Miri Tzachi - She saw beyond her lens

Tzachi covered many major news events, but what she was best known for was photographing scenes from Judea and Samaria.

Photography, illustrative (photo credit: PXHERE)
Photography, illustrative
(photo credit: PXHERE)
Although she was an unobtrusive photojournalist, taking care never to obstruct fellow photographers, Miri Tzachi, who died on Tuesday following a prolonged battle with cancer, always stood out in the crowd. The reason: she belonged to the National Religious camp.
Unlike most other female photojournalists, she didn’t wear jeans and a tank top. The head of the mother of five was always covered with a kerchief and she wore long flowing skirts and dresses which hovered just above her ankles.
Tzachi covered many major news events, but what she was best known for was photographing scenes from Judea and Samaria. Everything interested her and caught her eye – people, flora and fauna, sunsets and moonlight. Nothing eluded her attention and she often saw things that somehow had escaped the line of vision of other photographers.
Her intensive focus on Gush Katif before, during and after the evacuation in August 2005, resulted in a book titled Katif, which has become a heart-rending memoir for those who used to live there.
Although they saw her in other places, both President Reuven Rivlin and Prime Minister Benjamin Netanyahu were most aware of her when they visited the West Bank. She was always there to capture images of their visits for posterity, and for the many newspapers and magazines which published her photographs.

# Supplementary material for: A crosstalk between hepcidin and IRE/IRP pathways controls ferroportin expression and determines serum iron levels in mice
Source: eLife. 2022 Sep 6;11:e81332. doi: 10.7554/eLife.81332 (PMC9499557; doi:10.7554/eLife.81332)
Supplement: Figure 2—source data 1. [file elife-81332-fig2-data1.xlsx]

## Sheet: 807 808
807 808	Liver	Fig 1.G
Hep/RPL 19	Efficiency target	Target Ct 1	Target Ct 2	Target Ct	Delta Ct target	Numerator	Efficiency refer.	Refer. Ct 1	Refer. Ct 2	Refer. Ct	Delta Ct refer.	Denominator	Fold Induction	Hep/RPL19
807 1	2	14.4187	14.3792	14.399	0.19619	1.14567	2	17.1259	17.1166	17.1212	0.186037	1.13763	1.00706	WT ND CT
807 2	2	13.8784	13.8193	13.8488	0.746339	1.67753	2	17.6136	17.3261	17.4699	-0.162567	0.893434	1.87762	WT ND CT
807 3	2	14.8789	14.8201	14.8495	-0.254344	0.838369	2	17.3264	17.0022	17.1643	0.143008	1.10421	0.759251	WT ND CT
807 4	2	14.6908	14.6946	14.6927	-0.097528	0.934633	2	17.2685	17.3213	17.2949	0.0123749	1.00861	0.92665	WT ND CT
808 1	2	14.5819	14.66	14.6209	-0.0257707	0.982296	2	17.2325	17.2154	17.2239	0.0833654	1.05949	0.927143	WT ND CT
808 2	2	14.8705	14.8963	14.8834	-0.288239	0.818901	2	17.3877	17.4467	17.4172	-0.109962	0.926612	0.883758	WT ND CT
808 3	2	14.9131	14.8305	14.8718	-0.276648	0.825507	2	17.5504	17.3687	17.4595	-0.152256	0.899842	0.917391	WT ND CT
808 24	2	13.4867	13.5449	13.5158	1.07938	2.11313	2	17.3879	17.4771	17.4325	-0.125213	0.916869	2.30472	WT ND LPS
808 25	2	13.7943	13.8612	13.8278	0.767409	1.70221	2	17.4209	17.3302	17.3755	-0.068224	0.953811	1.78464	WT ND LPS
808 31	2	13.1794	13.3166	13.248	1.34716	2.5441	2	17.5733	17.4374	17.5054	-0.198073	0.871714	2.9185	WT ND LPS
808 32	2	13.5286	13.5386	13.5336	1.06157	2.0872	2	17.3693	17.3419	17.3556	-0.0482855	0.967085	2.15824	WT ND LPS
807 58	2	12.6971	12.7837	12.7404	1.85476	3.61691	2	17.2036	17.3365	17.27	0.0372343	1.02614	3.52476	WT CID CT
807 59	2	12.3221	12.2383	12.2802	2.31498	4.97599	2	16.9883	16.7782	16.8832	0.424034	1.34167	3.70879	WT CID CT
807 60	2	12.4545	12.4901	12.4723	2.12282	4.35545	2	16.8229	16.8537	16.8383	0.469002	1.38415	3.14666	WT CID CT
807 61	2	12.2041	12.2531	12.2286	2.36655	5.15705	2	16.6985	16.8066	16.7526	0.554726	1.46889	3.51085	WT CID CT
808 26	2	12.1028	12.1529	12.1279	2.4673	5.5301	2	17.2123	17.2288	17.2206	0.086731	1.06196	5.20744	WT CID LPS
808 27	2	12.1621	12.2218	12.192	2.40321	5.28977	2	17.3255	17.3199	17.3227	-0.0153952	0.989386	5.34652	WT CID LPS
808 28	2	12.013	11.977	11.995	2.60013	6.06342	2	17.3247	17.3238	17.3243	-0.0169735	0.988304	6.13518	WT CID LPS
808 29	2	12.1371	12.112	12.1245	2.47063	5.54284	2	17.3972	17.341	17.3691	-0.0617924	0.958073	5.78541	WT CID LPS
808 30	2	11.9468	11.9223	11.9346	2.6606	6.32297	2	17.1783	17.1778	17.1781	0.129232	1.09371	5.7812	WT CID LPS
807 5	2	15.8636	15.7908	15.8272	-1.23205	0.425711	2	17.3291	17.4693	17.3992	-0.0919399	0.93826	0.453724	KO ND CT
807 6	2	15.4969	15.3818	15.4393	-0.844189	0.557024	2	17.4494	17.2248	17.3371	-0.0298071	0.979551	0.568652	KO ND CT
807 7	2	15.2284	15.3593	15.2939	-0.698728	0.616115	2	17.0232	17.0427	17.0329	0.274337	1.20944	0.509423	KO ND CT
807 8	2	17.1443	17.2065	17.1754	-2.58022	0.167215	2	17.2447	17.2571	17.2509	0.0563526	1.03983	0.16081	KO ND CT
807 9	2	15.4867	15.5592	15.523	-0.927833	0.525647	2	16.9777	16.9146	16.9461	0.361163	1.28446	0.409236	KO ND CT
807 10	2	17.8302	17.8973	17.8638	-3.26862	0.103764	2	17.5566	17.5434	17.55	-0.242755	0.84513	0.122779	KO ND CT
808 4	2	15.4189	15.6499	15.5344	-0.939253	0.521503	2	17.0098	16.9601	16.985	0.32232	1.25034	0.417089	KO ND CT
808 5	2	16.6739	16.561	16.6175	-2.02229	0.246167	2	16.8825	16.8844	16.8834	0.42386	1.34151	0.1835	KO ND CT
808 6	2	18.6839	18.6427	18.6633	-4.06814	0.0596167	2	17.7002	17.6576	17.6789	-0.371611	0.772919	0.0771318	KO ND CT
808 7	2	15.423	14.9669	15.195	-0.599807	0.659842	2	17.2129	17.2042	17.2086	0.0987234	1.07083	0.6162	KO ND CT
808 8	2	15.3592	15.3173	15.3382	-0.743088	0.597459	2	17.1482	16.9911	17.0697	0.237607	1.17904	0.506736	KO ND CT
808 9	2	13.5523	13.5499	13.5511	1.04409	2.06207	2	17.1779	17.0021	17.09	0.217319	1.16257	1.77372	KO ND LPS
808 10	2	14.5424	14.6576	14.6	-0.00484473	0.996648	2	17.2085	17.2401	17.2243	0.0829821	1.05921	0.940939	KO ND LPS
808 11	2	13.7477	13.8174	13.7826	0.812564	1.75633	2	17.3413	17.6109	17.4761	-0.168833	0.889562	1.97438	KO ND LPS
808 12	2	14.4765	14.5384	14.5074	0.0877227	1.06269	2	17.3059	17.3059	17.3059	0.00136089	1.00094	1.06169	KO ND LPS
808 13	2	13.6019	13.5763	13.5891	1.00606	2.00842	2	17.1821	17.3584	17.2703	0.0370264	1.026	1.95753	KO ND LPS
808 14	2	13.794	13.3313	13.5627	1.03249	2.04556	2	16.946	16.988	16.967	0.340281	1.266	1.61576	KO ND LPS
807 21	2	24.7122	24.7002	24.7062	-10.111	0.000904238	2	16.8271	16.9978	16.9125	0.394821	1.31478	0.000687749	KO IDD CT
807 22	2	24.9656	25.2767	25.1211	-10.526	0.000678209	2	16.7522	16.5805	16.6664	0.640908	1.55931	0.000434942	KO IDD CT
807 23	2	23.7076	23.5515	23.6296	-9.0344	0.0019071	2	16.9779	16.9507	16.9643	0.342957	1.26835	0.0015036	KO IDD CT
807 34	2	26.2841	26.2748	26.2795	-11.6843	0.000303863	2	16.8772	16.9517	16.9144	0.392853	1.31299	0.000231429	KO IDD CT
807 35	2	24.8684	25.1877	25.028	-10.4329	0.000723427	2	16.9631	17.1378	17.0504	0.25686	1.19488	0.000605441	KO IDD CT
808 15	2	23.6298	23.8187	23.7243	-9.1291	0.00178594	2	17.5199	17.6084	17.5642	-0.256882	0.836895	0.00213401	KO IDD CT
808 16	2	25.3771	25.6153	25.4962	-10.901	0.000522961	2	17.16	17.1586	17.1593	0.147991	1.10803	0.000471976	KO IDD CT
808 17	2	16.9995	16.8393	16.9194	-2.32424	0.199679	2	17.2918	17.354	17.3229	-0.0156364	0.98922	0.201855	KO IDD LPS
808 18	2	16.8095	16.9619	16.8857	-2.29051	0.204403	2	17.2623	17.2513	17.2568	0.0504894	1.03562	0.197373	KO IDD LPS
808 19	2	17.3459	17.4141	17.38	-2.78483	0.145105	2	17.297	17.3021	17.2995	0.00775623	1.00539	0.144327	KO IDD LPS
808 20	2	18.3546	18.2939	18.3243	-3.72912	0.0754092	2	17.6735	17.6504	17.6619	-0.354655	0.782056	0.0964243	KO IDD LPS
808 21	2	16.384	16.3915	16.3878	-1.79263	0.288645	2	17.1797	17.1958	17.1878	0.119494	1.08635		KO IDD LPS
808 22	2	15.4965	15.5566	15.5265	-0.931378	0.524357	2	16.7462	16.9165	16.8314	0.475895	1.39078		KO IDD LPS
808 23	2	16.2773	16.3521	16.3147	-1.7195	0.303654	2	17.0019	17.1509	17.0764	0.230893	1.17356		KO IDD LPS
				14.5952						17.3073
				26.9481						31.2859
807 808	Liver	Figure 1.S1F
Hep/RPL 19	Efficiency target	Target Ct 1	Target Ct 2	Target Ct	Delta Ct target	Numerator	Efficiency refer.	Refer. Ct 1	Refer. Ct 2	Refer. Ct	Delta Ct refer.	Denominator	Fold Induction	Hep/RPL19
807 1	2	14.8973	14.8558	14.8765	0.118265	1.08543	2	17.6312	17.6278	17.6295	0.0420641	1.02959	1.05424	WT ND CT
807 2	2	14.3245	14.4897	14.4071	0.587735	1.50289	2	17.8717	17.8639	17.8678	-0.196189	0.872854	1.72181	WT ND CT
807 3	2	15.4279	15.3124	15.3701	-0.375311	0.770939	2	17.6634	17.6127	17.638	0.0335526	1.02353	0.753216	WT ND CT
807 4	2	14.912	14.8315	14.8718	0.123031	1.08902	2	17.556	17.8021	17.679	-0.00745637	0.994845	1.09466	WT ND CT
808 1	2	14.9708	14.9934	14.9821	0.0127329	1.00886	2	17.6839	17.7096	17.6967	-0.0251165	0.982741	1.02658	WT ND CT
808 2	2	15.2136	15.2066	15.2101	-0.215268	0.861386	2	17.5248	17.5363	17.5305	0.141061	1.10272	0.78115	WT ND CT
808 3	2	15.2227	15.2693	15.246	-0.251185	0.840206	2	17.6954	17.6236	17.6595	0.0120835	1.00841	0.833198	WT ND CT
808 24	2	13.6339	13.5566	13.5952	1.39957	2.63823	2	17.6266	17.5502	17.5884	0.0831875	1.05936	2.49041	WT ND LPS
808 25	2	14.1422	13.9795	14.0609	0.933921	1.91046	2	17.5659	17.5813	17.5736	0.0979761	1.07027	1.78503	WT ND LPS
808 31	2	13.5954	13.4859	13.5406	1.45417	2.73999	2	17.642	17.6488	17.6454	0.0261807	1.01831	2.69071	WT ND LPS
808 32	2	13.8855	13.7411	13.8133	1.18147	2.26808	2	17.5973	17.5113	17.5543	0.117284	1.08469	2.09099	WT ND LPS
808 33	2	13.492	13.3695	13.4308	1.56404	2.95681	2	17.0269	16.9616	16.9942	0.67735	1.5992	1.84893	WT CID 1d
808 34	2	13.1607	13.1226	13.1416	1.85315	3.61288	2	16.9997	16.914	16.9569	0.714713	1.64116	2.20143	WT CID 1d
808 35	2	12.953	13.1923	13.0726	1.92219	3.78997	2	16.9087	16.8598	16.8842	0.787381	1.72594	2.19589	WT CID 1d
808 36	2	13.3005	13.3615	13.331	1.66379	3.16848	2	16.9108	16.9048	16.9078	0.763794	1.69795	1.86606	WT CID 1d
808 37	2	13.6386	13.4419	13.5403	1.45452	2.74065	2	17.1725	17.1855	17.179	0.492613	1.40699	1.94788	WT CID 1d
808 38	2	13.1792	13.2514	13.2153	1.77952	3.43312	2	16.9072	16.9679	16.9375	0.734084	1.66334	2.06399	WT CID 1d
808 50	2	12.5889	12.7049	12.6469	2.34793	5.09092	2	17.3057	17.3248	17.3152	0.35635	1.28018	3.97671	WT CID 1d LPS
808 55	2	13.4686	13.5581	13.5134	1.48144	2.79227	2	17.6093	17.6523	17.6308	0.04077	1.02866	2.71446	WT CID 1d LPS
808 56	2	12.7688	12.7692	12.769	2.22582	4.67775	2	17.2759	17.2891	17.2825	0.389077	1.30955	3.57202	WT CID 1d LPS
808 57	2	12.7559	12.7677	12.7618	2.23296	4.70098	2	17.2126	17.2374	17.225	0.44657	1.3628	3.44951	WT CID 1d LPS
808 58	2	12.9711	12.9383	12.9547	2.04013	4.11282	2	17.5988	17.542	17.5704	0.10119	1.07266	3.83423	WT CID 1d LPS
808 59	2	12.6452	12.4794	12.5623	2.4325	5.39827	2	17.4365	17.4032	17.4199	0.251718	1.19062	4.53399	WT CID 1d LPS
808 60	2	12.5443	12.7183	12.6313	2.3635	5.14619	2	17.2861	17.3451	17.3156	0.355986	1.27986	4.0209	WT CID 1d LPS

On learning of her death, Rivlin said that she was beloved and would be sorely missed.
“No visit to the settlements was complete without you,” he recalled as if he was speaking to her directly. “I deferred to you every time you would say: ‘Hold on a second, Ruvi, there’s one more beautiful frame, don’t go.’ I’m hurting over your loss. You will always be in my heart,” said Rivlin.
Prime Minister Benjamin Netanyahu, in sending his condolences to Tzachi’s family, lauded “her extraordinary talent for capturing moments and people on camera that many others did not document before her. “
Yamina leader Naftali Bennett tweeted: “Miri was a special soul, a photo-journalist, idealistic, with a huge heart. Alongside her professionalism of the highest order, she was a person with a good heart who helped others endlessly.”
Shlomo Ne’eman, head of the Gush Etzion Regional Council who regarded Tzachi’s passing as a tremendous loss for the settlement enterprise, stated: “Miri was Judea and Samaria’s photographer. She was quietly and modestly present at all the historical events, and Gush Etzion in particular was like a home to her. Miri left us a huge legacy of rare photographs that tell the story of our revival in Judea and Samaria. We were privileged to know Miri, who was a very talented pioneer.”
Tzachi was born in Jaffa to Turkish immigrant parents.
Among her Bat Mitzvah gifts was a camera, and photography quickly became a hobby which developed into a passion, but she did not consider turning it into a profession until the eruption of the Second Intifada.
She had studied theater at the Hebrew University of Jerusalem, and she had also studied photography, but mainly to improve her technique.
But when she began taking photos during the Second Intifada and submitting them to newspapers, who were quick to publish them, she realized that photojournalism was her calling. Additionally, she realized that the most significant scenes that she saw through her lens’ that will serve as a legacy for future generations were those from Judea and Samaria, where she didn’t just photograph important events, but life as it was happening.